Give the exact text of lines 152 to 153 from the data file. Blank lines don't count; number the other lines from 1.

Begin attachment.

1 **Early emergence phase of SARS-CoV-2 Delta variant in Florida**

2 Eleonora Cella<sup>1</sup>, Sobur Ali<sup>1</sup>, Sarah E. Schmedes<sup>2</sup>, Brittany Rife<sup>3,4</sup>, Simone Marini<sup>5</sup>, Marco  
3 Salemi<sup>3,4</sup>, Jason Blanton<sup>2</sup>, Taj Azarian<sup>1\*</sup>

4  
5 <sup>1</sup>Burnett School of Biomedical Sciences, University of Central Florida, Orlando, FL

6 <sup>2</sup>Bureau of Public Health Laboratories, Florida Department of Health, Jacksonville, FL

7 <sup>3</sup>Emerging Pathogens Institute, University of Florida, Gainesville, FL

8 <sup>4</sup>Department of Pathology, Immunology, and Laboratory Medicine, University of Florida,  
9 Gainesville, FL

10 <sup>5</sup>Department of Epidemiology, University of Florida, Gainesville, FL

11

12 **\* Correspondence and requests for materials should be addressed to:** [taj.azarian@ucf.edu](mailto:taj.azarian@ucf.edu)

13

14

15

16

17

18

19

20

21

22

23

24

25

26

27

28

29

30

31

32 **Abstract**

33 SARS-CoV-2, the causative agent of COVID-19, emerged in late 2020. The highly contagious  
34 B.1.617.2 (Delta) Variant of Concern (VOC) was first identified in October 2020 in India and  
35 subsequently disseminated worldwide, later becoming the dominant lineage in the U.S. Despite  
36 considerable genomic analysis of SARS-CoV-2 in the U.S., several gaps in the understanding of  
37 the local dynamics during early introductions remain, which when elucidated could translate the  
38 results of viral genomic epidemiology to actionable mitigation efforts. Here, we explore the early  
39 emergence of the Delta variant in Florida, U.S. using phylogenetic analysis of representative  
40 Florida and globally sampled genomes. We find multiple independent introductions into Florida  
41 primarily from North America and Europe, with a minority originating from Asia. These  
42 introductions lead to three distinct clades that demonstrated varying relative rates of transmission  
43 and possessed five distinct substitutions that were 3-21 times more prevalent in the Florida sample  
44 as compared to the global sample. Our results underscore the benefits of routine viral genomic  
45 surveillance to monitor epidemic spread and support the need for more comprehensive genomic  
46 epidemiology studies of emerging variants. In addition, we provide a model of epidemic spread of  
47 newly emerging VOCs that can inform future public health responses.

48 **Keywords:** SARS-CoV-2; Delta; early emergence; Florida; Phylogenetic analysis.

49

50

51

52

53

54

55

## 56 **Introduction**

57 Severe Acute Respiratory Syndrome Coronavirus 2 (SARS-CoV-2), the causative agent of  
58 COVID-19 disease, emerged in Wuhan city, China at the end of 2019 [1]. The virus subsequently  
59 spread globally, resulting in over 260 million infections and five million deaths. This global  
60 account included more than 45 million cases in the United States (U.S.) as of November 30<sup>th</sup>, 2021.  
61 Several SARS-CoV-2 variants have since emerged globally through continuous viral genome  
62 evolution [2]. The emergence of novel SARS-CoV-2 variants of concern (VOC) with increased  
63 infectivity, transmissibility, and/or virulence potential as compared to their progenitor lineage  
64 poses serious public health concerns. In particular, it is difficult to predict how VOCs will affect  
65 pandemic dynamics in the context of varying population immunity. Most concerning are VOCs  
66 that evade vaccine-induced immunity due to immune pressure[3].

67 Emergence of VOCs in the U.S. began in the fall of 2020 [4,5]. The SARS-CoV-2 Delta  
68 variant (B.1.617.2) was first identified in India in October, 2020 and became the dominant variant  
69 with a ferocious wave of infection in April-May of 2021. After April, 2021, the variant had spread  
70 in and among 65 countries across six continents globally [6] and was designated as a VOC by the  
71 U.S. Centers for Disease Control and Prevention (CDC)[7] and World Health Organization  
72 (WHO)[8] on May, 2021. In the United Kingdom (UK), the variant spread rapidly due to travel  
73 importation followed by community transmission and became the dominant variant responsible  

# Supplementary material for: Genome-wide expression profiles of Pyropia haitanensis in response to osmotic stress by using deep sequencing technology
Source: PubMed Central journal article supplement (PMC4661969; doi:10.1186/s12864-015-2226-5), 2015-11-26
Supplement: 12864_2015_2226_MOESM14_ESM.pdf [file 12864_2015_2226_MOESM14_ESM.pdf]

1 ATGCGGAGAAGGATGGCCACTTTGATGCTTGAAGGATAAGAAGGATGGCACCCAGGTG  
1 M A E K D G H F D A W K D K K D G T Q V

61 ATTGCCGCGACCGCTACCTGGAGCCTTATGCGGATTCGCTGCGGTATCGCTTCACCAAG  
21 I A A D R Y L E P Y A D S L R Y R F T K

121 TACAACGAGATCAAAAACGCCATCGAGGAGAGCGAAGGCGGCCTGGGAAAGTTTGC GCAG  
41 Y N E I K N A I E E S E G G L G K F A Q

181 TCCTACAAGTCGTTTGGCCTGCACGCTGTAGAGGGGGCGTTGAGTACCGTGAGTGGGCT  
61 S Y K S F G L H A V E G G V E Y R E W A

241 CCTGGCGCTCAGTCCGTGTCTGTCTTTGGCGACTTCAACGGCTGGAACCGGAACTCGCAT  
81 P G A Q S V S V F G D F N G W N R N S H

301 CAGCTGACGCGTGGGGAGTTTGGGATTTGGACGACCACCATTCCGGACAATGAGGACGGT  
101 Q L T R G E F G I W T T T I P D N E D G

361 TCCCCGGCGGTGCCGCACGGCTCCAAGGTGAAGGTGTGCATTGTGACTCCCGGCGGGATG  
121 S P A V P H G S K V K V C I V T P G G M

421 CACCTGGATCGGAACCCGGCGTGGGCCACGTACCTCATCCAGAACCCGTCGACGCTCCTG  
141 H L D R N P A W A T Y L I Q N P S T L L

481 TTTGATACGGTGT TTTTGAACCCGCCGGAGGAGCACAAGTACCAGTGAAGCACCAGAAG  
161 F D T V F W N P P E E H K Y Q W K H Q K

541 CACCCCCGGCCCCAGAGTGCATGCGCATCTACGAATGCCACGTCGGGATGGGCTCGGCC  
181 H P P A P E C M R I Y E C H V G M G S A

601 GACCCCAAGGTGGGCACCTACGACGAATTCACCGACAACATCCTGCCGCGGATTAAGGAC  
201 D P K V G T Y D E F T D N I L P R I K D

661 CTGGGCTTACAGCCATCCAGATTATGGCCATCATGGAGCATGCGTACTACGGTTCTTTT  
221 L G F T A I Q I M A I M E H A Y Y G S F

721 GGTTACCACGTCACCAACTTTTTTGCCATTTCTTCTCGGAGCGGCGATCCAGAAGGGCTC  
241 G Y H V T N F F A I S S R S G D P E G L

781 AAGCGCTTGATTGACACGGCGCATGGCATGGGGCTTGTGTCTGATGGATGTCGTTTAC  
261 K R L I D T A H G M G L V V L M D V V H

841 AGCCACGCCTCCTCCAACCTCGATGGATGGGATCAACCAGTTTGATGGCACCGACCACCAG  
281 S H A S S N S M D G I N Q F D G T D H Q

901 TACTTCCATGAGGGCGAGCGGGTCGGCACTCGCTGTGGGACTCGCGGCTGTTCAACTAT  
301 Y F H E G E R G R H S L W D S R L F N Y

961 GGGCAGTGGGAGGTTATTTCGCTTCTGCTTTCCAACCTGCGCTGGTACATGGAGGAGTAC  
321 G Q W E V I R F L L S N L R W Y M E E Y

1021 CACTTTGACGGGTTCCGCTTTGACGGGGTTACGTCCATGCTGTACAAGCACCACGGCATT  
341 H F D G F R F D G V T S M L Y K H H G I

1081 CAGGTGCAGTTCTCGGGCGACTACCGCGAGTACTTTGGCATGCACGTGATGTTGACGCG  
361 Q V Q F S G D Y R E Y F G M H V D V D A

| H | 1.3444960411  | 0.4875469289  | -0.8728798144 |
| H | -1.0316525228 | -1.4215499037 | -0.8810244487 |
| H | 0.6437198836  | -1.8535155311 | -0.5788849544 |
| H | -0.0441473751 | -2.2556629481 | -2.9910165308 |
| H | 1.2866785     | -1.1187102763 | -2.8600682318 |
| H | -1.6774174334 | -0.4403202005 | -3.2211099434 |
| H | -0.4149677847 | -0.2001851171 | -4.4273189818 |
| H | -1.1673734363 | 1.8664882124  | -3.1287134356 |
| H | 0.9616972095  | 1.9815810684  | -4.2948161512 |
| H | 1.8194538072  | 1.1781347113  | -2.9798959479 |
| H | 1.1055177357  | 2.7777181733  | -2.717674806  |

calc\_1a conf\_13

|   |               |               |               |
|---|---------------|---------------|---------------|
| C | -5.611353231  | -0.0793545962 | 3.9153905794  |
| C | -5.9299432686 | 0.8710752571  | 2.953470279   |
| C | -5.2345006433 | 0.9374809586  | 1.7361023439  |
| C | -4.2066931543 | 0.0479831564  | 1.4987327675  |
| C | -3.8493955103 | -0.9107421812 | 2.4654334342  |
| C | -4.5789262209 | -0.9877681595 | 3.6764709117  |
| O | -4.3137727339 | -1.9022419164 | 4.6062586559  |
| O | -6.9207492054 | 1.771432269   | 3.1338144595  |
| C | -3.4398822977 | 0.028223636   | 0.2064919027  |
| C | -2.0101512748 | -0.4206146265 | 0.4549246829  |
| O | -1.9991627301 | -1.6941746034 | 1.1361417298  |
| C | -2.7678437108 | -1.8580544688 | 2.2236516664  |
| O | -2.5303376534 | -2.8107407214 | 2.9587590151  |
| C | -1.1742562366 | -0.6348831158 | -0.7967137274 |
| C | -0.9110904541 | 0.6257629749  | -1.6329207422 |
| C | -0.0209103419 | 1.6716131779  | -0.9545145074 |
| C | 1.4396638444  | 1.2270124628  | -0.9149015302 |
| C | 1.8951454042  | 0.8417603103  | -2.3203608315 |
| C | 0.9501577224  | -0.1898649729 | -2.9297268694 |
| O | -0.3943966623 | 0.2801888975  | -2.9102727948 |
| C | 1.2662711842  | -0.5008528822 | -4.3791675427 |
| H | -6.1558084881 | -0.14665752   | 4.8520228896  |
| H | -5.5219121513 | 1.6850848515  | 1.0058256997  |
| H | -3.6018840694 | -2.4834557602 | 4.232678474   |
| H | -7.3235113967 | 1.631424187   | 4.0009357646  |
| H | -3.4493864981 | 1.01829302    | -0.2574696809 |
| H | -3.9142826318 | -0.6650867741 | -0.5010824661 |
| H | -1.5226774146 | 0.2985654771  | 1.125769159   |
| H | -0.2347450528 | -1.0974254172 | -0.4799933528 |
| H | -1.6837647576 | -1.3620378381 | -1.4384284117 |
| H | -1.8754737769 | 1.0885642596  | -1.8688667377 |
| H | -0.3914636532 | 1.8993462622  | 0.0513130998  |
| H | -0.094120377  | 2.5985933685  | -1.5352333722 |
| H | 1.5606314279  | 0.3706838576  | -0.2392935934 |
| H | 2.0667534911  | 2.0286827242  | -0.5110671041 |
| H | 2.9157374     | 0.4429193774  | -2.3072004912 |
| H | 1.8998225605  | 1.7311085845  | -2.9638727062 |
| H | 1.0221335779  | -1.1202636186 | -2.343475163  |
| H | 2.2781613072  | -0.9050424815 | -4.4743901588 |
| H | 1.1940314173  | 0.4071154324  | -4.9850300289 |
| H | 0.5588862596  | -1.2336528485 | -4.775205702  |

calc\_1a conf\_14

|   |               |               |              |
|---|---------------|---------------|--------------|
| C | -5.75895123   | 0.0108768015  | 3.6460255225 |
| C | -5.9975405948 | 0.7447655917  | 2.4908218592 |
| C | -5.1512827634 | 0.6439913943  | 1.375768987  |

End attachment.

| H | -3.6018840694 | -2.4834557602 | 4.232678474   |
| H | -7.3235113967 | 1.631424187   | 4.0009357646  |